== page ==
Hadn’t heard about the airline mergers, but it doesn’t surprise me. One of the major impacts that came out of the recession was large companies merging to become even larger companies. I think this trend will continue this year and next, especially with some companies sitting on some nice cash reserves. In the end, I’m not sure if it benefits the consumer, as they’re be less choice and less competition. I’m sure it’ll also likely result in layoffs of overlapping employees.

  2. As long as $1 bills are printed, there will be little demand for merchants to adjust their cash handling to accommodate coins. When was the last time any of you received $1 coins as change?

  3. Thanks for sharing! The continental/United mileage transfer is exactly what I have been looking for.

  4. I read that you no longer earn points or rewards for purchasing these coins – they are now treated as cash advances…..

  5. @J, where did you read that? I was just about to buy some coins and would hate to get a cash advance fee.

  6. uponahill says:

    It is more cost effective for the federal government to circulate coin currency than paper bills. The useful life span for a dollar bill is only 18 months while a coin can last for decades. There are very good examples around the world on how to circulate coins such as in Canada. After the introduction of the loonie, the paper bills were pulled from circulation in two years.

  7. I have always loved the dollar coins for some reason. Even though I hardly carry cash any more, the gold Sacagawea dollars always fascinated me, it was like having gold treasure in my pocket.

    Strange, but I suppose it’s better than my dad who loves to collect $2.00 bills.

  8. LargeTalons says:

    If there are huge amounts of dollar coins waiting to be released in the vaults, why can’t I buy any from the mint due to them being “sold out”?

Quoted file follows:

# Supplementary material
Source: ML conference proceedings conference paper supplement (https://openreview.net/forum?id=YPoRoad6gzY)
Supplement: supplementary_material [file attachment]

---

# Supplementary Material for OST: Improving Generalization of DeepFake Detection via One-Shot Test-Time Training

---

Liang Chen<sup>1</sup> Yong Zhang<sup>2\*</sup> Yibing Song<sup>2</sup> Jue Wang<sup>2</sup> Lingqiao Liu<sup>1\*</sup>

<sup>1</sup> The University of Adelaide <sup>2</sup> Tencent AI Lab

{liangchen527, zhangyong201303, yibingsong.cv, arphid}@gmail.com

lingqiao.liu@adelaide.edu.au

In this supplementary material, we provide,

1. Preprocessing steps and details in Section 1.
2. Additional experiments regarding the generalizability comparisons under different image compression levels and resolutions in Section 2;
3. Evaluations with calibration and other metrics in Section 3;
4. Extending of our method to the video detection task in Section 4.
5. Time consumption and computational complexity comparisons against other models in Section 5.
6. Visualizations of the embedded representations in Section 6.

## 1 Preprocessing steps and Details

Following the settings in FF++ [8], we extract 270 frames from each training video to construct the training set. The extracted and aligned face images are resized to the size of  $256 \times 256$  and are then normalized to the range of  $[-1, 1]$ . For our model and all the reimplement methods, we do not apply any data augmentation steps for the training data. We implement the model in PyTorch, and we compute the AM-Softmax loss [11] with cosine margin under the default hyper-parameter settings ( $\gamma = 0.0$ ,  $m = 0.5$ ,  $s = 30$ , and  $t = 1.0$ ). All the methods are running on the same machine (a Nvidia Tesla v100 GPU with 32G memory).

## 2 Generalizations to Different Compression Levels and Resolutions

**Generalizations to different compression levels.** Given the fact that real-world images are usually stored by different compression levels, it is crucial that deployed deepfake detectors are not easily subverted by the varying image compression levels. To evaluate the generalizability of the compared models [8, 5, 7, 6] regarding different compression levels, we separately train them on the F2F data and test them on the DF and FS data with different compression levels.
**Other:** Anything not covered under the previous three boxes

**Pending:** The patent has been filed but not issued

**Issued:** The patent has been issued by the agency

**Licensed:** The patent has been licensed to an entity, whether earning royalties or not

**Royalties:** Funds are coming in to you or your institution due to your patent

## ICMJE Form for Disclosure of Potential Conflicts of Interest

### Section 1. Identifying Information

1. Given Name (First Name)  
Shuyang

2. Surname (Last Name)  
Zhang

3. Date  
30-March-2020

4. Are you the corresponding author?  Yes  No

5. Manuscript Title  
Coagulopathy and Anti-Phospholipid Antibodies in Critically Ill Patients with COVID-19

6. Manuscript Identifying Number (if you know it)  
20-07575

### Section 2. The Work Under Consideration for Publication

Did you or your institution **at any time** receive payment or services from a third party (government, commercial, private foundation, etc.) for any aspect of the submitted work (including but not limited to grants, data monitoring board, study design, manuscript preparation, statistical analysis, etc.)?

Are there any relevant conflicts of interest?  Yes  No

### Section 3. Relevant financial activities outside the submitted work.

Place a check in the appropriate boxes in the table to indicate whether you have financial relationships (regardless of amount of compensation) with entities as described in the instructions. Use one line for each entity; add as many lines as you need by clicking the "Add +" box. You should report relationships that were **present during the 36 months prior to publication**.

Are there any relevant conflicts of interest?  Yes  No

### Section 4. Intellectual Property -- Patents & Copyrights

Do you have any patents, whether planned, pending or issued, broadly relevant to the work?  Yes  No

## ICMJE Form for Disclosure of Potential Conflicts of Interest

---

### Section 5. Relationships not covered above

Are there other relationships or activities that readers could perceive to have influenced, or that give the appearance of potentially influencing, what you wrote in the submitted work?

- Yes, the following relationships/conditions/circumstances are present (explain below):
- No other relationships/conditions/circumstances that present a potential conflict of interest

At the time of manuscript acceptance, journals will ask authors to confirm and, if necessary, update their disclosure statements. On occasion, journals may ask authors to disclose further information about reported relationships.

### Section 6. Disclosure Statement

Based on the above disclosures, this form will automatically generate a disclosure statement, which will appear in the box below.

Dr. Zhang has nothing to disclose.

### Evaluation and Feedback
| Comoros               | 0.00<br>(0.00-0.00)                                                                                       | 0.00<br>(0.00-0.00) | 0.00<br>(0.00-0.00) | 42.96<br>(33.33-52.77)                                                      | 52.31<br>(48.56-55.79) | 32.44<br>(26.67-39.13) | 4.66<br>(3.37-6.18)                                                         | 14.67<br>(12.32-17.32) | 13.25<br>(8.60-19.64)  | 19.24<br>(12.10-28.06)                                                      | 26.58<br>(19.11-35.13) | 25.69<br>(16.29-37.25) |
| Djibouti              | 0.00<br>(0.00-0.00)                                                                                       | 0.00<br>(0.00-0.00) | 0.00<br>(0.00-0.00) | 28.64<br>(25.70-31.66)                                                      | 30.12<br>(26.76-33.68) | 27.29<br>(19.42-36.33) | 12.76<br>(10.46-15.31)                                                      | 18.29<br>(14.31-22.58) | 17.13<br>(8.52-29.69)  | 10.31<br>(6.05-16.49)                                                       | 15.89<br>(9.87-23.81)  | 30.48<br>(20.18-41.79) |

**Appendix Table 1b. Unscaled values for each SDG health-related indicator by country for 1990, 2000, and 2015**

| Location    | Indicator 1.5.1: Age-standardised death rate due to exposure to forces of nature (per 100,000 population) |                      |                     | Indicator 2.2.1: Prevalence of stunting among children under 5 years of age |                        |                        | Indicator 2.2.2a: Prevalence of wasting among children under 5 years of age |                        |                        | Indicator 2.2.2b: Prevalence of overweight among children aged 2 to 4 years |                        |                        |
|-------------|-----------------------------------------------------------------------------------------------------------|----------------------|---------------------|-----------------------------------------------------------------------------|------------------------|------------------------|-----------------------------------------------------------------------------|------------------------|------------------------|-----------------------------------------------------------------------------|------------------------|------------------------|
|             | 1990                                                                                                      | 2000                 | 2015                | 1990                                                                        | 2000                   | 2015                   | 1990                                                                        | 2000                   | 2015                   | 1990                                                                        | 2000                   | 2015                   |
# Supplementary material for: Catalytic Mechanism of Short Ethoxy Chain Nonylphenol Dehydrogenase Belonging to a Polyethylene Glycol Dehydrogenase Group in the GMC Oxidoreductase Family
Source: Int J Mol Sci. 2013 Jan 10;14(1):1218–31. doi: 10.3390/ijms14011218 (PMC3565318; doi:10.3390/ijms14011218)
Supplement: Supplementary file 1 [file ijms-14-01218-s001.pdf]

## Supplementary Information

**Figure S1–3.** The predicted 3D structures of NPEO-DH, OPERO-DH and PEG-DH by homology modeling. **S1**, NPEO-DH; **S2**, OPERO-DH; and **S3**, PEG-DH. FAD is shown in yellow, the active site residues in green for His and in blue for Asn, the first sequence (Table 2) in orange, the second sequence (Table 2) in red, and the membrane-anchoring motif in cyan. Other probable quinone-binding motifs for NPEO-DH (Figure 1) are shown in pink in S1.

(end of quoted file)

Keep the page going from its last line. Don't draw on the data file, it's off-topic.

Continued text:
http://catalog.usmint.gov/webapp/wcs/stores/servlet/CategoryDisplay?langId=-1&storeId=10001&catalogId=10001&identifier=8100

  9. @chris

    Here’s an article that talks about the cash advance fee for ordering coins from the mint.

    http://articles.sfgate.com/2009-12-14/business/17224372_1_mint-cards-coins

  10. Michael says:

    So have they started this cash advance charge? Does anyone know for sure?

  11. I have a chase freedom card and much to my dismay I was charged a $25 cash advance fee for buying a $1000 worth of Sacagawea coins from the mint. How does buying coins qualify as a cash advance? I called Chase to complain and after an hour and talking with a supervisor they finally waived the fee.

    Then a couple weeks after depositing my coins at the bank I received a letter from the US mint stating I was permanently banned from the $1 direct ship program for depositing my one dollar coins into the bank…They said they reserved the right to refuse sales to anyone and my “non-compliance” with the program was grounds for that ban…now my account isn’t active anymore… I’m in complete shock, how could they possibly know I deposited them? I don’t think the coins are even marked

  12. The Mint no longer allows direct purchase of $1 coins by credit card.